The issue seems to be that whenever the house was added-on to, or renovated, over the last 200+ years the updates have been done by cutting corners.

    Spoke with my father in-law. When they first bought their farmhouse they used hay bails around the parameter in the areas that they had draft problems. I'm going to give that a try and see if that gives us any hint as to where the leaks are coming from.
  12. jharkin

    jharkin Minister of Fire

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    I hear that! I generally have more trouble undoing bad post-1960 renovation work than with anything to do with the original structure....
  13. begreen

    begreen Mooderator Staff Member

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    I used to do that in CT. It helped a lot, but it also attracted lots of rodents that took advantage of the warm safe nests.
  14. Ehouse

    Ehouse Minister of Fire

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    Wow! tough problem! lemme take a stab at it, nothing to lose.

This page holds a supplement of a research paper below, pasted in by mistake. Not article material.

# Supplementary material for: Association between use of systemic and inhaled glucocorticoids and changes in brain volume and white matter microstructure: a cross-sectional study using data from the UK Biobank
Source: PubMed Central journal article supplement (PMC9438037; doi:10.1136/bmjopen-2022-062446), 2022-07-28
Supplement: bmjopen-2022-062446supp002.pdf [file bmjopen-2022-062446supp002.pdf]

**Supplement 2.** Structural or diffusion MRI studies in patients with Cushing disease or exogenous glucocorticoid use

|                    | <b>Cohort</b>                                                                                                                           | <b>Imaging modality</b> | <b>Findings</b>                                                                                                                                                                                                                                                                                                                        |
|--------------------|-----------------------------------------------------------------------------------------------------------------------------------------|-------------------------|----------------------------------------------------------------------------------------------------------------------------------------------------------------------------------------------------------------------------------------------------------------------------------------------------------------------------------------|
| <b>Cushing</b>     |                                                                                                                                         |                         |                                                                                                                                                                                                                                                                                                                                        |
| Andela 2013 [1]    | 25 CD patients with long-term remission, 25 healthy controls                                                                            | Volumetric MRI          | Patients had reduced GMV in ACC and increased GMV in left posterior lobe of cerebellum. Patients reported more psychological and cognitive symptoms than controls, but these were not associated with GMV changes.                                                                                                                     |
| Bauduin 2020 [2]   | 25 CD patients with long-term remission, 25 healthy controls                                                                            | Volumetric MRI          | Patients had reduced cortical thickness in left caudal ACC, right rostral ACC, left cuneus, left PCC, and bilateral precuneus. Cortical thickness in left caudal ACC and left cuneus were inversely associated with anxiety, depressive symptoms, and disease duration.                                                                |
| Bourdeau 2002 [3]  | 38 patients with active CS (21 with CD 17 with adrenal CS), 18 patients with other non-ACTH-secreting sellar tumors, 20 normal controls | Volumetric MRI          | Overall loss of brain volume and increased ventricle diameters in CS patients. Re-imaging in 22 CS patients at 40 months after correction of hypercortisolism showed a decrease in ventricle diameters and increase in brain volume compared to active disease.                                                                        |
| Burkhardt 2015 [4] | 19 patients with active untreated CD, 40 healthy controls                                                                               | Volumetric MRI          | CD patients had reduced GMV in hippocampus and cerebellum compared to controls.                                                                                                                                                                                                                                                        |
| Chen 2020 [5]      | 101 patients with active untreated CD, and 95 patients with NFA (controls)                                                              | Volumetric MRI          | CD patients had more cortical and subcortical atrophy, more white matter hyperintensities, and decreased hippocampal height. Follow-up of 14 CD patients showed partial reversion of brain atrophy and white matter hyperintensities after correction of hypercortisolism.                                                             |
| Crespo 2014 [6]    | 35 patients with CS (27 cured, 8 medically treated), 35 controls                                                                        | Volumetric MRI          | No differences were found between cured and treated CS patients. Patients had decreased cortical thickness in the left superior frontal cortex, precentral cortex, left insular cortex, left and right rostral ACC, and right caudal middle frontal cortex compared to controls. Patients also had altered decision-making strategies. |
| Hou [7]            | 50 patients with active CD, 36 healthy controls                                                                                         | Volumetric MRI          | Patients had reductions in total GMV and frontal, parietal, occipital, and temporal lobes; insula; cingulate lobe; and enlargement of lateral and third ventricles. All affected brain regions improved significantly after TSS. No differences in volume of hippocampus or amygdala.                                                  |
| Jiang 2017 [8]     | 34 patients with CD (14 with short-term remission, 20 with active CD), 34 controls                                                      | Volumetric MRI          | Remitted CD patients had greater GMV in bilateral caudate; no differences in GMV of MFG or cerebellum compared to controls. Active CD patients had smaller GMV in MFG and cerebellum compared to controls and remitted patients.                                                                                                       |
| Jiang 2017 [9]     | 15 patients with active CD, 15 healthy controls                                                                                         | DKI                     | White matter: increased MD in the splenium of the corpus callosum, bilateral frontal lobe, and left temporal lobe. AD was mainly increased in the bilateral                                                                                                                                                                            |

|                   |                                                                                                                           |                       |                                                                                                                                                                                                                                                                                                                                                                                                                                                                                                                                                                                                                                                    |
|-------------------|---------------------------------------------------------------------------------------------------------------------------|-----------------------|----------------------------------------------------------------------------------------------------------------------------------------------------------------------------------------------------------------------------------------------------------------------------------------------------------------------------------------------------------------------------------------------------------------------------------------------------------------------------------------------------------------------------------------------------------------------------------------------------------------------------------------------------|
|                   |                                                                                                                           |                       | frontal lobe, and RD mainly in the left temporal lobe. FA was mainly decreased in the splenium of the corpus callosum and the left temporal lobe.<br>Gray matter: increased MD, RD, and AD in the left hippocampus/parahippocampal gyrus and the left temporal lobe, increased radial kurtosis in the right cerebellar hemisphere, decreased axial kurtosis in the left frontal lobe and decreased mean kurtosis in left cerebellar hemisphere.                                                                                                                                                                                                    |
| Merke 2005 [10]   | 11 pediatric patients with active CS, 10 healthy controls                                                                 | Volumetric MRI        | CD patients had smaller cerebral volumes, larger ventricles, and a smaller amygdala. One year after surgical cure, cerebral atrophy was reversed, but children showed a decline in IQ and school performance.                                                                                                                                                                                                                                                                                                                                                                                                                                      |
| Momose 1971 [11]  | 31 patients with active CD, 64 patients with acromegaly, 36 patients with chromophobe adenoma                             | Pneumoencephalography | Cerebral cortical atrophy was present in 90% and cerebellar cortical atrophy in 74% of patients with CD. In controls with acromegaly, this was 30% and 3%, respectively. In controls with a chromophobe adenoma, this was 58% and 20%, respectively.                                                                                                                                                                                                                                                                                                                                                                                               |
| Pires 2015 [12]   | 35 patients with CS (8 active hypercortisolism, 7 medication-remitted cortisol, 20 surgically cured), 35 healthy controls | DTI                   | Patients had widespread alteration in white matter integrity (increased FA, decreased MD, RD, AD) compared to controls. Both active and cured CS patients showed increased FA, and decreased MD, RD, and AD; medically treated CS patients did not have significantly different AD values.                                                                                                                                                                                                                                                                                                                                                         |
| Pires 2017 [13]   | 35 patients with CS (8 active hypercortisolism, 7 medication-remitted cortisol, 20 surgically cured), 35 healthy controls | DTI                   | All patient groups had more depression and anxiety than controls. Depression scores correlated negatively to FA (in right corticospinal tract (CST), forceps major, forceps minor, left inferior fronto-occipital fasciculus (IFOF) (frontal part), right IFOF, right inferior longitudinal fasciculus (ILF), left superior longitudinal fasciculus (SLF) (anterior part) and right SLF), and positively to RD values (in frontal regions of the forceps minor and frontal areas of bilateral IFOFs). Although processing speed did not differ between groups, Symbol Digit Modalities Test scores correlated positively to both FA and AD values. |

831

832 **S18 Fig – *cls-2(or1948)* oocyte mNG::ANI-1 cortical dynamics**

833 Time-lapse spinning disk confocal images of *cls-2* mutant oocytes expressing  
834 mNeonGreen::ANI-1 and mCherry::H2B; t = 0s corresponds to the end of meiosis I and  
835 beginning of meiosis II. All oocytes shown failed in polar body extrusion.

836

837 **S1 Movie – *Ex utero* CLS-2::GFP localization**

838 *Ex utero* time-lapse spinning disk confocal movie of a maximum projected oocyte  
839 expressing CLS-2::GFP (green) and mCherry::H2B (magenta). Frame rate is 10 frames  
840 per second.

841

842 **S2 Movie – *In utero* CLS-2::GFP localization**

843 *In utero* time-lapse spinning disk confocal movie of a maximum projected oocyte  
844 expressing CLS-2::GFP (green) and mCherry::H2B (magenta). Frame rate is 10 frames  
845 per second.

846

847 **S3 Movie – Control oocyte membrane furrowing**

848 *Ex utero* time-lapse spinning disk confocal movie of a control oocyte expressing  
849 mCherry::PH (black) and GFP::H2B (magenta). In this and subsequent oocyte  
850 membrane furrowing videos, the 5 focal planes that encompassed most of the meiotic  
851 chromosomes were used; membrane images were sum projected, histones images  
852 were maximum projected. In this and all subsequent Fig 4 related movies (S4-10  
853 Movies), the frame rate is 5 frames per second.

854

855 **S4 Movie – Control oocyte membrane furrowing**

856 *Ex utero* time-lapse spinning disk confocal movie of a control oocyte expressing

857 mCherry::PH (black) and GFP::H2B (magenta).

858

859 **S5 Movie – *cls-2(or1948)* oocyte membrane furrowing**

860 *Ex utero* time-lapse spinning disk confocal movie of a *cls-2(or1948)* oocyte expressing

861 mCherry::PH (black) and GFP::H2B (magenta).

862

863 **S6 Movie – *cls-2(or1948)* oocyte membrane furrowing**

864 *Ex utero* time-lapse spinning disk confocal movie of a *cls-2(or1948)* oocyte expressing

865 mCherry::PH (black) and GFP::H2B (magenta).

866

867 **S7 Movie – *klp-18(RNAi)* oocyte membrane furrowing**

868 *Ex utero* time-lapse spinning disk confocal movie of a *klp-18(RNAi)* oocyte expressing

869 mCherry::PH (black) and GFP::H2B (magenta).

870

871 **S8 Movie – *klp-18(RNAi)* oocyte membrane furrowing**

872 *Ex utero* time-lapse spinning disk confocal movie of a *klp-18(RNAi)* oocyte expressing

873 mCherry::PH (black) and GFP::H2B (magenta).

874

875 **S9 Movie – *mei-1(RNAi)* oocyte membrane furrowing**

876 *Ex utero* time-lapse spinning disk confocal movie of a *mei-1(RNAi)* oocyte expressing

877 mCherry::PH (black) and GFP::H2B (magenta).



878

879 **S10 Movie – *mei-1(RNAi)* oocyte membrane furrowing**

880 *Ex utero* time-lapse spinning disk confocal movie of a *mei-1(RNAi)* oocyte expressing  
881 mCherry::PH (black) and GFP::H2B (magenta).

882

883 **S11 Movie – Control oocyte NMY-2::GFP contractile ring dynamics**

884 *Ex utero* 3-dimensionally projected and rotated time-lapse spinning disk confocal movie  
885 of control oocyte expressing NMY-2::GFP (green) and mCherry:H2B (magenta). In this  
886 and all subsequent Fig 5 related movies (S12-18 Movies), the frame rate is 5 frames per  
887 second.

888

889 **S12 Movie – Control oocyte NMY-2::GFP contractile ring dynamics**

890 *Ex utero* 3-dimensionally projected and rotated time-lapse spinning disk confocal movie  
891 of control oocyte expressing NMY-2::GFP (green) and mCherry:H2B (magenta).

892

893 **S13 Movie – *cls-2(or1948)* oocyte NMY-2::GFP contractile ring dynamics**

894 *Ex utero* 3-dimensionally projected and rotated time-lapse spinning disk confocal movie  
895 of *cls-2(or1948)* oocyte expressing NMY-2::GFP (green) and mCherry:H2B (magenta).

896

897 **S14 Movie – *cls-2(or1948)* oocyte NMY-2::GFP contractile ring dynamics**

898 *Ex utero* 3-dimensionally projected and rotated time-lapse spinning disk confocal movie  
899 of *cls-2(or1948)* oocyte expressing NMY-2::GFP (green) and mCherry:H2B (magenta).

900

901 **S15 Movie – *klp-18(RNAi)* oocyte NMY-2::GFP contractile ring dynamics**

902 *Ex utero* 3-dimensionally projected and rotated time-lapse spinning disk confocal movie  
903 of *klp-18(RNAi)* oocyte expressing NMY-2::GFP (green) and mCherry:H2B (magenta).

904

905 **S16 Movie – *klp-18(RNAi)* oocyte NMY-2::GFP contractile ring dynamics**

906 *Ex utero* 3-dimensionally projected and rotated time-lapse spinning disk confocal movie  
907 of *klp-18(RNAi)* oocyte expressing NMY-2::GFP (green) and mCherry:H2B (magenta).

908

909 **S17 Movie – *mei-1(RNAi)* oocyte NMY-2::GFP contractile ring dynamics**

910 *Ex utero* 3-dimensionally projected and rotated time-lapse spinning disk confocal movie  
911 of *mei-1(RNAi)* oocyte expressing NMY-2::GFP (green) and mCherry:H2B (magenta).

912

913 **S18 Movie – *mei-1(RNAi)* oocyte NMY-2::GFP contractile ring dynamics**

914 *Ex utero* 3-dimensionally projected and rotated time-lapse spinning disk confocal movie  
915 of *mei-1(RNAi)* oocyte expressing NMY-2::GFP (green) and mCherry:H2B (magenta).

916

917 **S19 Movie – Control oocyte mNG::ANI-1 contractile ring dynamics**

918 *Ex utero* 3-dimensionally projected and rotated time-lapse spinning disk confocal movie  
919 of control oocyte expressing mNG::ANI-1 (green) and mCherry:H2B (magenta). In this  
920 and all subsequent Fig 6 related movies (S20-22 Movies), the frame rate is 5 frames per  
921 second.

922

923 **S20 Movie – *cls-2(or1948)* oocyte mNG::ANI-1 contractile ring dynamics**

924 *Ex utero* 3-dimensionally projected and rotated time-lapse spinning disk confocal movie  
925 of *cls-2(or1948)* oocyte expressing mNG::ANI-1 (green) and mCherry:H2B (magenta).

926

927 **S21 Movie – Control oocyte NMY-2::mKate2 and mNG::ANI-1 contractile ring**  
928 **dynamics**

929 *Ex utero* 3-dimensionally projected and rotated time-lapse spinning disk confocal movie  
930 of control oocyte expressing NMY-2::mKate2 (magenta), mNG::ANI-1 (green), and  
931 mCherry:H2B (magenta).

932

I would first inspect your sills (if any). If they rest right on the ground they may be your first priority. If they are sound, consider jacking up the house to give your self some working room. If they are not, jack up the house and replace them. You can then pour or lay up a stem wall (on a footer), or do one with treated lumber.

    If you are lucky, you may have a section with lower grade along one side of the house, in which case you could dig down to achieve your crawl space.

    This may sound expensive, but get some estimates.

    Google "crawl space heating plenum" for an alternative treatment once you have a workable space.

    Ehouse
  15. BrowningBAR

    BrowningBAR Minister of Fire